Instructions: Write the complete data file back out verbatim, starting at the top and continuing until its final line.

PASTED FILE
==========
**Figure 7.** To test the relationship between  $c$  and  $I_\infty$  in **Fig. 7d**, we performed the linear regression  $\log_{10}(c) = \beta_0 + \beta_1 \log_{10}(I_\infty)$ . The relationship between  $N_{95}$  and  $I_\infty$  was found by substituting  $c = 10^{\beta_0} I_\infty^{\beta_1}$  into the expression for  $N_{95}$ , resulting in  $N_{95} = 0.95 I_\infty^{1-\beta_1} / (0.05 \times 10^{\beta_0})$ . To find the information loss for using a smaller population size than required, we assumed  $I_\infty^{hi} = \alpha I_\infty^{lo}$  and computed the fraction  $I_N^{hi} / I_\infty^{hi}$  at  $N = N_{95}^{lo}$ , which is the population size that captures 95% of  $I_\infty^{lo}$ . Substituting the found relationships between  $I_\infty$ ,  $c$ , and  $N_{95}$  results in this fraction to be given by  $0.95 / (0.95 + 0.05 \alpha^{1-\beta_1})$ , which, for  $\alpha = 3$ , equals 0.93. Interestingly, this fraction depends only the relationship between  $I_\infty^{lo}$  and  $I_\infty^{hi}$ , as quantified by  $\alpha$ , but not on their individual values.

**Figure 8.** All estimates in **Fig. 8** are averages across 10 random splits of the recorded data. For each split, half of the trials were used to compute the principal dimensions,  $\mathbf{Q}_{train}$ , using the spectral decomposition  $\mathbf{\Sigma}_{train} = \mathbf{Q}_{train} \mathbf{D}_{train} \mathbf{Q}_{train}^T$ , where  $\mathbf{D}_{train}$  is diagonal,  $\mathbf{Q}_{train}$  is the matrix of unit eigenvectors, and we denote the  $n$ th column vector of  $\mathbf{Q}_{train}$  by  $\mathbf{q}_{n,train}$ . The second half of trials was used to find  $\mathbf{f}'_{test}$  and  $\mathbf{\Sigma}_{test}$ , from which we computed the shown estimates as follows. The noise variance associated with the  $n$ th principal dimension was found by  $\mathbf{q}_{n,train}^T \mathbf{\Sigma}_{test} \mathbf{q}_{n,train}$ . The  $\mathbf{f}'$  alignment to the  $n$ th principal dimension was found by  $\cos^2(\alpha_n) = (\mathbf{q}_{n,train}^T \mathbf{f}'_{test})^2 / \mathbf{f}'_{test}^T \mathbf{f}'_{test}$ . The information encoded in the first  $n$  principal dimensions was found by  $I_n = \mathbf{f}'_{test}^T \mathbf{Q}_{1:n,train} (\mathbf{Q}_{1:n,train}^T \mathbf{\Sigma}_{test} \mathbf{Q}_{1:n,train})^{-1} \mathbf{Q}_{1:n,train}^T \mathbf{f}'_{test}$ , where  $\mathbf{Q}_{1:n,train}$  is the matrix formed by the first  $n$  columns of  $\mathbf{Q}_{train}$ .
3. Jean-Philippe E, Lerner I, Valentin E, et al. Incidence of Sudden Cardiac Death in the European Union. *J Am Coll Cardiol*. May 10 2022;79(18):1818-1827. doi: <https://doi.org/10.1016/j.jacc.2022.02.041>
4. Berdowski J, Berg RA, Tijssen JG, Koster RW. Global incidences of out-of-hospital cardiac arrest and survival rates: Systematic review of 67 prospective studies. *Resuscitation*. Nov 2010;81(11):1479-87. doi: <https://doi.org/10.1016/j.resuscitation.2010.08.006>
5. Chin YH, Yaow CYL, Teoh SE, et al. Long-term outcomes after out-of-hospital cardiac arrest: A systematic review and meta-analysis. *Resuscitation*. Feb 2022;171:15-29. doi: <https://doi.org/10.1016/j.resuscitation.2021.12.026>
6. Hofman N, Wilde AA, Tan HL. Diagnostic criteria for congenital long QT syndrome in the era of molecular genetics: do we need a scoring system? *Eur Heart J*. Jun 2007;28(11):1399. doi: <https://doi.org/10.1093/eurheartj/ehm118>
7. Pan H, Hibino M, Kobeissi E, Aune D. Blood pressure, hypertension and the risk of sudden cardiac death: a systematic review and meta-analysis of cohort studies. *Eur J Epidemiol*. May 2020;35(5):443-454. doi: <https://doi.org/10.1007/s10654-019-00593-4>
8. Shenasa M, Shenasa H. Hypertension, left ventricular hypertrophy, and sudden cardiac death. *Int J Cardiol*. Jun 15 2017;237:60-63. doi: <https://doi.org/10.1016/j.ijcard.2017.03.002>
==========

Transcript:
**Figure 7.** To test the relationship between  $c$  and  $I_\infty$  in **Fig. 7d**, we performed the linear regression  $\log_{10}(c) = \beta_0 + \beta_1 \log_{10}(I_\infty)$ . The relationship between  $N_{95}$  and  $I_\infty$  was found by substituting  $c = 10^{\beta_0} I_\infty^{\beta_1}$  into the expression for  $N_{95}$ , resulting in  $N_{95} = 0.95 I_\infty^{1-\beta_1} / (0.05 \times 10^{\beta_0})$ . To find the information loss for using a smaller population size than required, we assumed  $I_\infty^{hi} = \alpha I_\infty^{lo}$  and computed the fraction  $I_N^{hi} / I_\infty^{hi}$  at  $N = N_{95}^{lo}$ , which is the population size that captures 95% of  $I_\infty^{lo}$ . Substituting the found relationships between  $I_\infty$ ,  $c$ , and  $N_{95}$  results in this fraction to be given by  $0.95 / (0.95 + 0.05 \alpha^{1-\beta_1})$ , which, for  $\alpha = 3$ , equals 0.93. Interestingly, this fraction depends only the relationship between  $I_\infty^{lo}$  and  $I_\infty^{hi}$ , as quantified by  $\alpha$ , but not on their individual values.

**Figure 8.** All estimates in **Fig. 8** are averages across 10 random splits of the recorded data. For each split, half of the trials were used to compute the principal dimensions,  $\mathbf{Q}_{train}$ , using the spectral decomposition  $\mathbf{\Sigma}_{train} = \mathbf{Q}_{train} \mathbf{D}_{train} \mathbf{Q}_{train}^T$ , where  $\mathbf{D}_{train}$  is diagonal,  $\mathbf{Q}_{train}$  is the matrix of unit eigenvectors, and we denote the  $n$ th column vector of  $\mathbf{Q}_{train}$  by  $\mathbf{q}_{n,train}$ . The second half of trials was used to find  $\mathbf{f}'_{test}$  and  $\mathbf{\Sigma}_{test}$ , from which we computed the shown estimates as follows. The noise variance associated with the  $n$ th principal dimension was found by  $\mathbf{q}_{n,train}^T \mathbf{\Sigma}_{test} \mathbf{q}_{n,train}$ . The  $\mathbf{f}'$  alignment to the  $n$ th principal dimension was found by  $\cos^2(\alpha_n) = (\mathbf{q}_{n,train}^T \mathbf{f}'_{test})^2 / \mathbf{f}'_{test}^T \mathbf{f}'_{test}$ . The information encoded in the first  $n$  principal dimensions was found by  $I_n = \mathbf{f}'_{test}^T \mathbf{Q}_{1:n,train} (\mathbf{Q}_{1:n,train}^T \mathbf{\Sigma}_{test} \mathbf{Q}_{1:n,train})^{-1} \mathbf{Q}_{1:n,train}^T \mathbf{f}'_{test}$ , where  $\mathbf{Q}_{1:n,train}$  is the matrix formed by the first  $n$  columns of  $\mathbf{Q}_{train}$ .
3. Jean-Philippe E, Lerner I, Valentin E, et al. Incidence of Sudden Cardiac Death in the European Union. *J Am Coll Cardiol*. May 10 2022;79(18):1818-1827. doi: <https://doi.org/10.1016/j.jacc.2022.02.041>
4. Berdowski J, Berg RA, Tijssen JG, Koster RW. Global incidences of out-of-hospital cardiac arrest and survival rates: Systematic review of 67 prospective studies. *Resuscitation*. Nov 2010;81(11):1479-87. doi: <https://doi.org/10.1016/j.resuscitation.2010.08.006>
5. Chin YH, Yaow CYL, Teoh SE, et al. Long-term outcomes after out-of-hospital cardiac arrest: A systematic review and meta-analysis. *Resuscitation*. Feb 2022;171:15-29. doi: <https://doi.org/10.1016/j.resuscitation.2021.12.026>
6. Hofman N, Wilde AA, Tan HL. Diagnostic criteria for congenital long QT syndrome in the era of molecular genetics: do we need a scoring system? *Eur Heart J*. Jun 2007;28(11):1399. doi: <https://doi.org/10.1093/eurheartj/ehm118>
7. Pan H, Hibino M, Kobeissi E, Aune D. Blood pressure, hypertension and the risk of sudden cardiac death: a systematic review and meta-analysis of cohort studies. *Eur J Epidemiol*. May 2020;35(5):443-454. doi: <https://doi.org/10.1007/s10654-019-00593-4>
8. Shenasa M, Shenasa H. Hypertension, left ventricular hypertrophy, and sudden cardiac death. *Int J Cardiol*. Jun 15 2017;237:60-63. doi: <https://doi.org/10.1016/j.ijcard.2017.03.002>